This is part 1 of 2 in our series regarding viral diseases in rabbits in Australia. It’s important for you to know all you can about Rabbit calicivirus as your rabbits and clients need to know everything.
The two part series will cover:
1. Calicivirus – Rabbit Haemorrhagic Disease Virus (RHDV)
Calicivirus is a viral disease that is present in multiple strains in Australia.
RHDV 1 – The original virus released in 1996
RHDV 1A – A strain found in Sydney in 2014
RHDV K5 – Korean strain – Released in March 2017
RHDV 2 – Detected in Canberra in 2015
So what is Rabbit Calicivirus?
Rabbit Haemorrhagic Disease Virus (RHDV), or Rabbit Calicivirus, is a lagovirus, which is highly contagious and has a mortality rate of 40-100%. It was selected and tested to be used for wild rabbit population control in the 90’s. It was accidentally released during testing in 1996.
However, the accidental release was very effective and is now well established in Australia.
This has increased the chance of your rabbit patients being exposed. Our best defense is dependent on cross-protection and off label usage of Cylap – only being on-label for protection of RHDV1.
RHDV is very contagious and there is no treatment
Its worth saying again, there is no cure for calicivirus!
Clinical signs and transmission
The clinical signs of calicivirus include; diarrhoea, nasal/ocular discharge, inappetance, lethargy, pyrexia, seizures, restlessness and diarrhoea. Unfortunately, death can occur 1-2 days after infection.
Mainly young rabbits are at risk of infection, though if you have an unvaccinated rabbit, who frequents those seedy wild burrows late on a hot mosquito filled summer’s night, then he is obviously at risk too.
Calicivirus is spread by direct contact with infected rabbits, or indirectly by infectious secretions or urine and faeces on grass, equipment, clothing or via biting insects such as mosquitoes, flies and fleas.
Young three and four week old rabbits and unvaccinated rabbits are at the highest risk of infection. so if you see a young rabbit in a consult, it may be worth adding in an off label 8 week vaccination to the 12 and 16 week vaccinations.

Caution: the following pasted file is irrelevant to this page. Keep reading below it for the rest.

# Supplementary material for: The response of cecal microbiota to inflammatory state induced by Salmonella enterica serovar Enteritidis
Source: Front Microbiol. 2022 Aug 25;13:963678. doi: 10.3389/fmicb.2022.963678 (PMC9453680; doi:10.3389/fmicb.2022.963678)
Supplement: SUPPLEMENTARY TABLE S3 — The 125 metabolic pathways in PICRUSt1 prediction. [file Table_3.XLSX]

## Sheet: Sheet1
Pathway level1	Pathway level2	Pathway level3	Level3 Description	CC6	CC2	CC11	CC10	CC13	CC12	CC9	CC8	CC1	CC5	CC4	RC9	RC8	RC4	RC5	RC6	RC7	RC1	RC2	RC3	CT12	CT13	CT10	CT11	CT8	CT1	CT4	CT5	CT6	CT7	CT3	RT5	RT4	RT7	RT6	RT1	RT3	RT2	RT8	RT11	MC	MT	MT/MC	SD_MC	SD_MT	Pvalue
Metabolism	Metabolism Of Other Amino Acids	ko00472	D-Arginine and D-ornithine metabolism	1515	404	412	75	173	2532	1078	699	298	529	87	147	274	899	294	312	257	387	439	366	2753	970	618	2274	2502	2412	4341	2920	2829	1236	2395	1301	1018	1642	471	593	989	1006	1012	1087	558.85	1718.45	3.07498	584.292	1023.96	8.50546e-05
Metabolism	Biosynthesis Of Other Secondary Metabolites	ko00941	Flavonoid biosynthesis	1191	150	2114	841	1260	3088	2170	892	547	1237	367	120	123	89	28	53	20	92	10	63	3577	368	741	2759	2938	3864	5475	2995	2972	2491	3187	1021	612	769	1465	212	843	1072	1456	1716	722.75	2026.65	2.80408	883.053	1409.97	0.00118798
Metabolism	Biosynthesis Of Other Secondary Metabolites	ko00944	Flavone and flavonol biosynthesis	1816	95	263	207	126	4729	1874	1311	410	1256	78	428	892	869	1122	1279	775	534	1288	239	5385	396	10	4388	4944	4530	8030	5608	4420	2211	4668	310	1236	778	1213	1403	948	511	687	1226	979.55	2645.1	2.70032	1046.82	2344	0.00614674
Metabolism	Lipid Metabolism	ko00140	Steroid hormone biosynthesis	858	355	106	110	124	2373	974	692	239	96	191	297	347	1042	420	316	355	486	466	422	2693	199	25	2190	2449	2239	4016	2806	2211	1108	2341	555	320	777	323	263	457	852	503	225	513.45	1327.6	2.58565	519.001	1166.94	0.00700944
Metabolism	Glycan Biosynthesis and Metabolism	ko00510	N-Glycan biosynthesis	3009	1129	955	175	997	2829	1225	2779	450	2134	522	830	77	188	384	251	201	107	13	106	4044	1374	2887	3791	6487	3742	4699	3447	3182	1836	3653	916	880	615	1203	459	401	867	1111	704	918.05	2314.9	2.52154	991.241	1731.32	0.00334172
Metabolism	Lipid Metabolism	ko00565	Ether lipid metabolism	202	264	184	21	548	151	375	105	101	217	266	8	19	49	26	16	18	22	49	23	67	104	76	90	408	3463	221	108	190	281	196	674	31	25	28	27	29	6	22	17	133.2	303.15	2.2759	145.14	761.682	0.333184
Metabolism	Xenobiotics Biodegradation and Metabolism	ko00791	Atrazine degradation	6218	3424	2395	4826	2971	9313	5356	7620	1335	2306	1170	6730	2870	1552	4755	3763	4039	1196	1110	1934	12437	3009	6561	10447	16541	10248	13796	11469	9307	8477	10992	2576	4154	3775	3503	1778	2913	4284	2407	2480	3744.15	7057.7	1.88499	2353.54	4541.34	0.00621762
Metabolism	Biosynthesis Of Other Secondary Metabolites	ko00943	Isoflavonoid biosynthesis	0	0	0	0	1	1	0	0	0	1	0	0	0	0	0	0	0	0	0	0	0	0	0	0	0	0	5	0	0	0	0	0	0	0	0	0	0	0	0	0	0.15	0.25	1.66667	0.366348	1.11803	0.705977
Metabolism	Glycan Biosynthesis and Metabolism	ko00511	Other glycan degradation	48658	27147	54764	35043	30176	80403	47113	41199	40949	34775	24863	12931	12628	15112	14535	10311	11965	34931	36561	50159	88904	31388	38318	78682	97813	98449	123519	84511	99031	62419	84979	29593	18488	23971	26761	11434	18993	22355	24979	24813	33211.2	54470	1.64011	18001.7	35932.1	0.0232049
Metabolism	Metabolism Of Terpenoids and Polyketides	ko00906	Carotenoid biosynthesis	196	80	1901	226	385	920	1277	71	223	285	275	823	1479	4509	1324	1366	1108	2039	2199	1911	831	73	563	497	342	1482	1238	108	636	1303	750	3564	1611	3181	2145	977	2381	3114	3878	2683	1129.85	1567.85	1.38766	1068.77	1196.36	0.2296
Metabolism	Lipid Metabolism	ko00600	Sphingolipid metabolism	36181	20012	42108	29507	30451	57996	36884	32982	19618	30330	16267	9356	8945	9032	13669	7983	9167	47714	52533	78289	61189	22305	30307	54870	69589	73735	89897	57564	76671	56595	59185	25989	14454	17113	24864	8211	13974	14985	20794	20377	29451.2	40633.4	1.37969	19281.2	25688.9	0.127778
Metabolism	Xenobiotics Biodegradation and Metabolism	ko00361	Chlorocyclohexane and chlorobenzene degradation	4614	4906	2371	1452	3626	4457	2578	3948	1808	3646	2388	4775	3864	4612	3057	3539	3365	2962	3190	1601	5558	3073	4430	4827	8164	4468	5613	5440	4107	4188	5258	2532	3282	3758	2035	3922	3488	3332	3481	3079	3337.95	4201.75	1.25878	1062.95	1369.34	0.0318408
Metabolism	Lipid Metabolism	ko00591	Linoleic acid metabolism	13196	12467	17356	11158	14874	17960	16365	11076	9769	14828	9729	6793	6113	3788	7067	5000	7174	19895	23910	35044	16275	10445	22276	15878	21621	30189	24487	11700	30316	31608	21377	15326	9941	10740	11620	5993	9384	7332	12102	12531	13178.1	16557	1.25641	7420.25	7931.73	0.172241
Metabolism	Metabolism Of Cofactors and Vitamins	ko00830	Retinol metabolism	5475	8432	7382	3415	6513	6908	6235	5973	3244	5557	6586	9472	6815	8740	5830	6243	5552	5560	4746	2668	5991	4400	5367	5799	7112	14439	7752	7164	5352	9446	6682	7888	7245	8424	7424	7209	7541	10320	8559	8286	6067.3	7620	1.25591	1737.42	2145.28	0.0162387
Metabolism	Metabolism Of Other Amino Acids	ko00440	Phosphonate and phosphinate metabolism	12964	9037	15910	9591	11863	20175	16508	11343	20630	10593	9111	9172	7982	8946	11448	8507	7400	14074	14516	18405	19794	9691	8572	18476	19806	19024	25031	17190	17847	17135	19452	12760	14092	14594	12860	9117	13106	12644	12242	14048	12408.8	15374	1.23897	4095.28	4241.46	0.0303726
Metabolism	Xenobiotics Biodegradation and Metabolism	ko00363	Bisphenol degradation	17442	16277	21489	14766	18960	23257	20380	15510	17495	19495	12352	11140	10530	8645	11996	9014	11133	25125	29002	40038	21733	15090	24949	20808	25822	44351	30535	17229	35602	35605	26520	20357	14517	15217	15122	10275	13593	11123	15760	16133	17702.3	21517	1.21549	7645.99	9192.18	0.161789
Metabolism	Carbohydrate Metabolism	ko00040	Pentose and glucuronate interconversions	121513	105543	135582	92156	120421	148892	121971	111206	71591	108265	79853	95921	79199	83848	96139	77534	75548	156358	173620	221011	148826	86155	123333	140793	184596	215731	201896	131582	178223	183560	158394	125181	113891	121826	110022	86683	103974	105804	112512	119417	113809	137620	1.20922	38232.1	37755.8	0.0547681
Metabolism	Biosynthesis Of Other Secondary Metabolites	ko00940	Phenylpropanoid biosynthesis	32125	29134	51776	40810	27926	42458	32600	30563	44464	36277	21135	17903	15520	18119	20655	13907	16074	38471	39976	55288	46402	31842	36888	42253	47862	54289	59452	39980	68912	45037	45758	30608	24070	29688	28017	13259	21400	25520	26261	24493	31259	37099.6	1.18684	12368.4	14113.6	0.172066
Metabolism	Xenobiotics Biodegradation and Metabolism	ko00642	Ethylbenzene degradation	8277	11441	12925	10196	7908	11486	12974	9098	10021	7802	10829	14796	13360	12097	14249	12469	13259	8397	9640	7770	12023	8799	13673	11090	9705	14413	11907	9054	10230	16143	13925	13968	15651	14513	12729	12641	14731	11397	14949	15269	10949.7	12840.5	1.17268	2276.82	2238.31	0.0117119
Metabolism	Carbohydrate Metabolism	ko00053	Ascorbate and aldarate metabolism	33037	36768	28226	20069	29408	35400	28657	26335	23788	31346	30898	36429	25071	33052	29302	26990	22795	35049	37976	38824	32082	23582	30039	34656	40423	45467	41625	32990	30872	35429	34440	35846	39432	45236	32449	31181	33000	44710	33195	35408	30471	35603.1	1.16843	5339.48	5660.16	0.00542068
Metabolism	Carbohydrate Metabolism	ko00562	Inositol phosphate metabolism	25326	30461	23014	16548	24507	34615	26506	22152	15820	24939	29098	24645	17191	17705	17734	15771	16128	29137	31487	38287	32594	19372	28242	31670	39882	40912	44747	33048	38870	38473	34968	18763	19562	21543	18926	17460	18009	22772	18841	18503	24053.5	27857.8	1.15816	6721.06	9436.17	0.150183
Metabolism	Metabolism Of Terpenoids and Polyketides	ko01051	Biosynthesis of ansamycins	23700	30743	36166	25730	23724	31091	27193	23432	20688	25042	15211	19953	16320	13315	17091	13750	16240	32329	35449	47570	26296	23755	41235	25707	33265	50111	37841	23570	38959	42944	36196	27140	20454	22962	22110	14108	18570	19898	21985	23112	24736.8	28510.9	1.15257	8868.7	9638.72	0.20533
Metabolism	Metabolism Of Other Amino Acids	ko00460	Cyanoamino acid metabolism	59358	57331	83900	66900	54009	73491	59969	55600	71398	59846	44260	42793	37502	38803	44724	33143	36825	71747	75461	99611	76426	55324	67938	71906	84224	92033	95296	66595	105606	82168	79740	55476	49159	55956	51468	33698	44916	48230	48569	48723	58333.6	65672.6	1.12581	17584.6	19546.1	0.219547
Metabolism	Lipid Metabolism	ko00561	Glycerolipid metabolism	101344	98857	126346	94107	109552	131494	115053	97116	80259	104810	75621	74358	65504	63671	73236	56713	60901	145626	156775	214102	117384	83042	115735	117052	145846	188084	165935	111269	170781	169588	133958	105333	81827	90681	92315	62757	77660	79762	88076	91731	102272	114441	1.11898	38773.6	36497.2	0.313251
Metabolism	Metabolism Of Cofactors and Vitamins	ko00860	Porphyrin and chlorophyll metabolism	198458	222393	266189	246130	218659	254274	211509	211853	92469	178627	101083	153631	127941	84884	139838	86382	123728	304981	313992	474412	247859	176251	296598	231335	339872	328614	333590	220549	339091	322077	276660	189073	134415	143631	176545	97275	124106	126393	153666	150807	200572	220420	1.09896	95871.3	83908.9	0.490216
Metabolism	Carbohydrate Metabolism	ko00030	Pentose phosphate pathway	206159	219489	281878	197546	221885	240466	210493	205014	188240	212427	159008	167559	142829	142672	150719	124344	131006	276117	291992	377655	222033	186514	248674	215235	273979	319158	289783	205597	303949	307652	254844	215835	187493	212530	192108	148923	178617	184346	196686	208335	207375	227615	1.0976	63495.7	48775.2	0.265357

Regarding vaccinations, there is a vaccination against RHDV 1. The Cylap vaccination is available, and is labelled for vaccinations of kits at three and four months old, then annually.
Due to current concerns, the Cylap vaccination is often given every 6 months to prevent infection, if you have a high risk traveling bunny, or are very cautious, then this is wise. Otherwise there is not yet proof that this reduces risk of infection
Our other main method of prevention is via reducing exposure of our rabbits to RHDV.
How can we do that? Apart from having our vaccination shield up, we can use our understanding of calicivirus to protect our bunnies. We can achieve this by:
1. Reducing exposure to wild rabbits
2. Reducing fomite spread of the virus by washing your hands thoroughly prior to handling your rabbits
3. Mosquito and fly proofing hutches
So first, your pet rabbits probably don’t spend too much time with wild rabbits. It is however worthwhile checking your yard for holes in your fences, and burrows. Additionally you can further reduce risk by not feeding your rabbits fresh grass
Secondly you can reduce the spread of the virus via fomites by thoroughly washing your hands prior to handling your rabbits. If you are very suspicious you have handled infectious rabbits or materials, then you should wash your hands in 10% bleach, or 10% trigene mixed with water. Any new equipment or toys for your bunnies should also be cleaned using these mixtures. if you are introducing a new rabbit into the house/hutch, it may be worth quarantining the new bunny for up to one month prior to introducing them to your new rabbits. And not acquiring lethargic bunnies with ocular and nasal discharge!
The third way to minimize exposure is to insect proof your rabbit enclosure! This can be achieved with mosquito / fly netting or fine mesh. Additionally if your rabbits play outside, minimize the time spent outside during dawn and dusk, as this is when mosquitoes are most active.
Fleas are also biting insects that can carry RHDV, so if you notice fleas on your rabbit, you can use a suitable veterinary approved flea prevention treatment. Revolution and advantage are good on label options here, you can find the doses here:
You will need a password to access this content, and you must be a vet! Email us at email@example.com to get the password!
It’s important to protect our rabbits against this disease! Make sure you recommend vaccinations to your rabbit clients!
Next week we will cover part 2 in our series, myxomatosis! Stay tuned!
Inner South Vets. Rabbit Vaccination. http://www.innersouthvets.com.au/blog/rabbit-vaccination/
AVA. Rabbit Calicivirus in Australia. http://www.ava.com.au/rabbit-calicivirus
RSPCA. What is rabbit calicivirus and how do i protect my rabbit from rabbit haemorrhagic disease. http://kb.rspca.org.au/what-is-rabbit-calicivirus-and-how-do-i-protect-my-rabbit-from-rabbit-haemorrhagic-disease_630.html
Melbourne Rabbit Clinic. Calicivirus RHDV Portal. http://www.melbournerabbitclinic.com/veterinary-information-portal/calicivirus-rhdv-portal/